In 2011, the new Straw Dogs won’t generate outrage for its violence. “Movie violence has changed a lot in the last 40 years,” Lurie says. ”It has become so graphic and prevalent, there is almost nothing you can do that will really horrify an audience. Unless you make the violence very relatable ― make it so the audience can feel the sting of the punches. My daughter, who is very squeamish, can go see the ‘Saw’ movies because she doesn’t take what is happening on-screen very seriously. It’s all a sort of big game. Movies about home invasions, like ours or ‘The Strangers,’ are effective because they are people’s worst nightmares. They can experience it viscerally.”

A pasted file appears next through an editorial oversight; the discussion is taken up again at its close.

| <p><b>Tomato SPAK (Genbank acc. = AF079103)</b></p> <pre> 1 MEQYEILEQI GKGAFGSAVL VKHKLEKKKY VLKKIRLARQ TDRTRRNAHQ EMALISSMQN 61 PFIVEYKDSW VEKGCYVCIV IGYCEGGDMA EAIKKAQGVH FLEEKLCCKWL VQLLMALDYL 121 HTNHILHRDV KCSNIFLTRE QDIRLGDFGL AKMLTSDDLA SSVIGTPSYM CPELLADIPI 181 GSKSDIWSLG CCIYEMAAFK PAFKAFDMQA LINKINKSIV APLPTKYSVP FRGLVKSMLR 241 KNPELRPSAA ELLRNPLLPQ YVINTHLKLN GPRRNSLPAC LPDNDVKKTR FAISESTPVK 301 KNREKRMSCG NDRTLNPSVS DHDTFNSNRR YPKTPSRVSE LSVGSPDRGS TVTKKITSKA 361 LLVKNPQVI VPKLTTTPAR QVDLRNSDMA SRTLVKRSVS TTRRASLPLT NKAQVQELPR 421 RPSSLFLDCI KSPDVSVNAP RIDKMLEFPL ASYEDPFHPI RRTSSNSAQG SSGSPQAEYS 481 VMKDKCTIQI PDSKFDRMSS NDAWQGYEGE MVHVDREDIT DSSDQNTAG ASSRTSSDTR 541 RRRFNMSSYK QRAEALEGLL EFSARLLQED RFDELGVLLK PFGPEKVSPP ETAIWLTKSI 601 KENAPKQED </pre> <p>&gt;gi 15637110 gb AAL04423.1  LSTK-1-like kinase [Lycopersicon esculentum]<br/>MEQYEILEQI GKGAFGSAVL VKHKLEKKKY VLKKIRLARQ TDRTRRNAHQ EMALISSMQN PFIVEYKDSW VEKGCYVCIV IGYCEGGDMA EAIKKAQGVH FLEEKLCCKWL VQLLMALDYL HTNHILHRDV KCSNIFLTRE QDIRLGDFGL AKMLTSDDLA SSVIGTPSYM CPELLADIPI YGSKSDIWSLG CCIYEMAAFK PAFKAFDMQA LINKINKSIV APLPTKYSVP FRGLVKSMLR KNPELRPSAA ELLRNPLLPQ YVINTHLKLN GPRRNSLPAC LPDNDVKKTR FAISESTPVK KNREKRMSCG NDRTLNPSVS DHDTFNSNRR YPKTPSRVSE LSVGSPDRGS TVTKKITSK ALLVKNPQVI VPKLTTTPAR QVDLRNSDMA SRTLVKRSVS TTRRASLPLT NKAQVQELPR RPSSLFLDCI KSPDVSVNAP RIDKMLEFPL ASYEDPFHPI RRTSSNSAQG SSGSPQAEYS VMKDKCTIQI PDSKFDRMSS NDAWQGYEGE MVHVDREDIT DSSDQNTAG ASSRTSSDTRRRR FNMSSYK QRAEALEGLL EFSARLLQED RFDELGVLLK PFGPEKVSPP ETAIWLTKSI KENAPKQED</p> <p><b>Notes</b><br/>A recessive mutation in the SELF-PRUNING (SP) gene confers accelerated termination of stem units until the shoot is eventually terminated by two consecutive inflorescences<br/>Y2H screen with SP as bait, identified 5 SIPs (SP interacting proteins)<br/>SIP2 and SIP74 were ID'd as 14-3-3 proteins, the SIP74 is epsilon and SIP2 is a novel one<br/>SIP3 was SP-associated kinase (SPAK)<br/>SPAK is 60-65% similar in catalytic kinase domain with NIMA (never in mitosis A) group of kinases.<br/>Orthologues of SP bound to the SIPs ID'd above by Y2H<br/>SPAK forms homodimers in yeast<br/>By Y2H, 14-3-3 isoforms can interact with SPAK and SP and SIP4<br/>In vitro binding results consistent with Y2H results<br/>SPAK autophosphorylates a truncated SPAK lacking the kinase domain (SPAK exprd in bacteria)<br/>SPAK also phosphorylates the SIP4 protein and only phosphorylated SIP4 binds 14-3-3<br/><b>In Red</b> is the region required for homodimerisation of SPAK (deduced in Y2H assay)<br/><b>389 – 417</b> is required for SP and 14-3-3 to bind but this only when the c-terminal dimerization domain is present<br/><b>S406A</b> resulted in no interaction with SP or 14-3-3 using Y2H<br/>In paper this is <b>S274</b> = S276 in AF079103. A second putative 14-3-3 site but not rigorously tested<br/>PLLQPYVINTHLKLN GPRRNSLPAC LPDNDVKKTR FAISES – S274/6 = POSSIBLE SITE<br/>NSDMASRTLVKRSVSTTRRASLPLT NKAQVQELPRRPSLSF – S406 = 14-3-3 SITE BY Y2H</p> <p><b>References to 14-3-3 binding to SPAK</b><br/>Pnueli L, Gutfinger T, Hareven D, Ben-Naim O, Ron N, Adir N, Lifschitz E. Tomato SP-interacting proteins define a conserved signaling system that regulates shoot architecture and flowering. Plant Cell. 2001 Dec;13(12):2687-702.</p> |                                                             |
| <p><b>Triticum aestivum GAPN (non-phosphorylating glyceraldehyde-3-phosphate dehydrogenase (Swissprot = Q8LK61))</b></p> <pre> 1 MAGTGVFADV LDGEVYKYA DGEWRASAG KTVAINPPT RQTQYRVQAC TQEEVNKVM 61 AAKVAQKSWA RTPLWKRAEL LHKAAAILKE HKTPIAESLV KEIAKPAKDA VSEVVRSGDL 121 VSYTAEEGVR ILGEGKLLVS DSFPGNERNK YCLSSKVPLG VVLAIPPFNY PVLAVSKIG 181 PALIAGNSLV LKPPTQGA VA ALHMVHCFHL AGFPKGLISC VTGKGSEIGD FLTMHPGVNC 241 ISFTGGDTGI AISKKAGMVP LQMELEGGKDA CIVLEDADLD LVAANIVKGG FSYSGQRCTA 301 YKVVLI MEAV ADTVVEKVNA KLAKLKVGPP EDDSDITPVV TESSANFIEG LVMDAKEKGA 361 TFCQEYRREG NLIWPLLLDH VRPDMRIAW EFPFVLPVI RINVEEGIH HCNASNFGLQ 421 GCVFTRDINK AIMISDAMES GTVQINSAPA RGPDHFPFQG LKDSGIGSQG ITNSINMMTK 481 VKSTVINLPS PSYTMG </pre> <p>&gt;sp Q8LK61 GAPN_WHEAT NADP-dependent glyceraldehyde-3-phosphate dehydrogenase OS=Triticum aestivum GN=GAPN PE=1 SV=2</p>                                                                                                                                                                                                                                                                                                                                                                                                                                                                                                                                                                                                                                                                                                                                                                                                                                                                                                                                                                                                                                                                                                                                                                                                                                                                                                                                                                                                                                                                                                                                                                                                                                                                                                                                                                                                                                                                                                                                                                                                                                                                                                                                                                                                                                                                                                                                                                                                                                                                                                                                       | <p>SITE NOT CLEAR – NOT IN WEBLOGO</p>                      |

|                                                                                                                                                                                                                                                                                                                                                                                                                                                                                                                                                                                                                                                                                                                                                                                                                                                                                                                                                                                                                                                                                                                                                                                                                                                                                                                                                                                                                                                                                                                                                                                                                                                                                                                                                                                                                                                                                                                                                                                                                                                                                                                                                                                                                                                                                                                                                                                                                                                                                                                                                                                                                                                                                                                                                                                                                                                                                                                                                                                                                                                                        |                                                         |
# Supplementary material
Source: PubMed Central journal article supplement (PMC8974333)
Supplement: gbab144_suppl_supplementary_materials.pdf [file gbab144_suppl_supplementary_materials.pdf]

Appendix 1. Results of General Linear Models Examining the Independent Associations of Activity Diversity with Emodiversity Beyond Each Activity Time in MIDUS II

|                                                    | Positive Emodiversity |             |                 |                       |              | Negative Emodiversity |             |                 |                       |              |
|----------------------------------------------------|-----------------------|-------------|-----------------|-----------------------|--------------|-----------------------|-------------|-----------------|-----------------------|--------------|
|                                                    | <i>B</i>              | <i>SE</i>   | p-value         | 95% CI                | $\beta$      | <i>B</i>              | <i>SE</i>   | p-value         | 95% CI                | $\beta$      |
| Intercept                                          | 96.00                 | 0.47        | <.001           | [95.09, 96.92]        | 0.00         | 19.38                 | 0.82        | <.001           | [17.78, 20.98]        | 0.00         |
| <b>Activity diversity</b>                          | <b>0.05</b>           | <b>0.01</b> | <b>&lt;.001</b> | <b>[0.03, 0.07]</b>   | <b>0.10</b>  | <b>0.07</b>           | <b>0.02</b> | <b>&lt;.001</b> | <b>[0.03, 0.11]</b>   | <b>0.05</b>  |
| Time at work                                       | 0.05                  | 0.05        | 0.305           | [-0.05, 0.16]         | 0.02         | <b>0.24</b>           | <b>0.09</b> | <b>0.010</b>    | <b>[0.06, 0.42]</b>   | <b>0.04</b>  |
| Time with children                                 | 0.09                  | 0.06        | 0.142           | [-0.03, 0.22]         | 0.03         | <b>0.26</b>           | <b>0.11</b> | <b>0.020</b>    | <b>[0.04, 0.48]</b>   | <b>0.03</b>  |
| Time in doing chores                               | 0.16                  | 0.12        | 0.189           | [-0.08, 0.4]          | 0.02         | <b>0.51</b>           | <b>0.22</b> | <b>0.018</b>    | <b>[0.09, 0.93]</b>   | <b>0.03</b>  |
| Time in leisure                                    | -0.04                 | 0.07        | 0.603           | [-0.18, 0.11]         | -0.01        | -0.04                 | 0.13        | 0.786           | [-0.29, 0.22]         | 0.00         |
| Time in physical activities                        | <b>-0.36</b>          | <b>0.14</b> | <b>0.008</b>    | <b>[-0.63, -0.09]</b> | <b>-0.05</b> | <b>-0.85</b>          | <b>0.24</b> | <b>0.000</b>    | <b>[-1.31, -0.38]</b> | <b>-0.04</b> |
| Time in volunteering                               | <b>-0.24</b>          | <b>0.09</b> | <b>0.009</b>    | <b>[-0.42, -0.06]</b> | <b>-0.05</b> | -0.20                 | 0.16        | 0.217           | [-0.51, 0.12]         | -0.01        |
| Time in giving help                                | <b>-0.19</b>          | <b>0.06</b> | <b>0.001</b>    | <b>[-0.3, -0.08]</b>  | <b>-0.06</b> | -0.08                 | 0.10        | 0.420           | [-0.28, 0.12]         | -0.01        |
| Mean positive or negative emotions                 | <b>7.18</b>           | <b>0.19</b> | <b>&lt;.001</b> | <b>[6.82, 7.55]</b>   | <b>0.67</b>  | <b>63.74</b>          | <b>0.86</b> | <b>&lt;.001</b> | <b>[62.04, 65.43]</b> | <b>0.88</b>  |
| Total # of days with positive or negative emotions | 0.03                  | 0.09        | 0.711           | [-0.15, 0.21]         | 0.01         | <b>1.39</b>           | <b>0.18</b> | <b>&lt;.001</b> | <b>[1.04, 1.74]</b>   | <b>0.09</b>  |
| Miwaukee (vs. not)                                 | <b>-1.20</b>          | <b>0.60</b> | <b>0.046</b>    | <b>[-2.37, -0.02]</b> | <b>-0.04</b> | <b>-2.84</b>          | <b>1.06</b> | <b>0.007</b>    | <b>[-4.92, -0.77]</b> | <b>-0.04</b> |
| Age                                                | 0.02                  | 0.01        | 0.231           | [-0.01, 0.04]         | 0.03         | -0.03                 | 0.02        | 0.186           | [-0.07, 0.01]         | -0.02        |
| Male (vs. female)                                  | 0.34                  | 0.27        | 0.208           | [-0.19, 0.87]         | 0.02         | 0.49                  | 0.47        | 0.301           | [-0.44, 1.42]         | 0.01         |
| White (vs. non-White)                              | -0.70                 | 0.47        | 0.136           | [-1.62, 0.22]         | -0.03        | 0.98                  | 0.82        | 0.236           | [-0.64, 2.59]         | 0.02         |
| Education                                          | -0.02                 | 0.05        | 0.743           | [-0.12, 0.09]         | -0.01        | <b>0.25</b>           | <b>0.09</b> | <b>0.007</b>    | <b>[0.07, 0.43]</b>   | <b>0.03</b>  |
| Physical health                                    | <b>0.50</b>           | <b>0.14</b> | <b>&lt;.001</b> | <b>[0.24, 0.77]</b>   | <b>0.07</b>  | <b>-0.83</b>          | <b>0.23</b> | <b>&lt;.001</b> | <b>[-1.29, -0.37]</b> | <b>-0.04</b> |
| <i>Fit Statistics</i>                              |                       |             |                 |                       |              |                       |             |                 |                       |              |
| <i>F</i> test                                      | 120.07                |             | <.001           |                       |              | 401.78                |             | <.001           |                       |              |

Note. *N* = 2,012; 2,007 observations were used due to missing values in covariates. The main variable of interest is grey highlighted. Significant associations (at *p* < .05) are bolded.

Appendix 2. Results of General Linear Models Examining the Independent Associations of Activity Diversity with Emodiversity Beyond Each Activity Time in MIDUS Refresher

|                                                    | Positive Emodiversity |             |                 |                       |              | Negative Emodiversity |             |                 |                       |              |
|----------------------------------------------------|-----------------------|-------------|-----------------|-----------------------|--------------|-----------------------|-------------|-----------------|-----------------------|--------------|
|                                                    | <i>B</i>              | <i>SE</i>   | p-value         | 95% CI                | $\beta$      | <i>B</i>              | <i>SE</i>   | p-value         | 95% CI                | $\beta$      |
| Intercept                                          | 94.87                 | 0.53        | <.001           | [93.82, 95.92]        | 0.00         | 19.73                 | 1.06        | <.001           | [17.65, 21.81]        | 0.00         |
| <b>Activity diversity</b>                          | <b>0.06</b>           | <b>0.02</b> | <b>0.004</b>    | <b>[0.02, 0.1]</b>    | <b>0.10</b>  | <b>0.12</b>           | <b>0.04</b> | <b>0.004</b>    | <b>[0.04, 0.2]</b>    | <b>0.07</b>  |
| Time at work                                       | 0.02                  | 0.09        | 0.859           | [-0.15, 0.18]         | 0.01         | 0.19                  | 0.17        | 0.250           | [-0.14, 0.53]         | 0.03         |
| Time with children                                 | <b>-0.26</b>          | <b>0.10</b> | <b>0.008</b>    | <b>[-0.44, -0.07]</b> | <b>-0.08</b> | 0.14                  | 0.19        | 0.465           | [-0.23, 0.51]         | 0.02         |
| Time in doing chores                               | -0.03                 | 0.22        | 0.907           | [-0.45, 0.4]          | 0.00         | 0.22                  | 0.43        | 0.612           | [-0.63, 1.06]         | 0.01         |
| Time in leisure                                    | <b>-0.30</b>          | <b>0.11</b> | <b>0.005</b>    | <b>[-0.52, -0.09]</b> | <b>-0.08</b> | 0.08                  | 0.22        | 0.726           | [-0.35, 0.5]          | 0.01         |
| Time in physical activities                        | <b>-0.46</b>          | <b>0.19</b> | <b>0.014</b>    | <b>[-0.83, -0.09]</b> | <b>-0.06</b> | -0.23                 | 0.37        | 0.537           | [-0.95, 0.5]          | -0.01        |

Will Lurie’s “Straw Dogs” affect the popular culture like Peckinpah’s did? It’s not clear. But fans of the original will be surprised by how effective ― and singular ― the new version is, proving that remakes are not necessarily evil on an intrinsic level.

“I want to work in every genre that I can, and the remake is a genre in and of itself,” Lurie says. ”The Coen brothers just did a remake (“True Grit”). The question is ‘Can you put enough of yourself into it so that I’m remaking ‘Straw Dogs’ and not Sam Peckinpah’s ‘Straw Dogs?’”

Sparked by the remake, the original is being reissued on Blu-ray.

“No one is painting a moustache on the Mona Lisa here,” Lurie says. ”It’s my version of the same story, the way there were many versions of Shakespeare’s plays. That’s not to say I would be willing to remake anything. I wouldn’t remake Peckinpah’s ‘The Wild Bunch,’ for example. I wouldn’t know how to do that. ‘The Wild Bunch’ is church and ‘Straw Dogs’ is state.

“You can’t mess around with church.”

By Rene Rodriguez

(McClatchy Newspapers)

(MCT Information Services)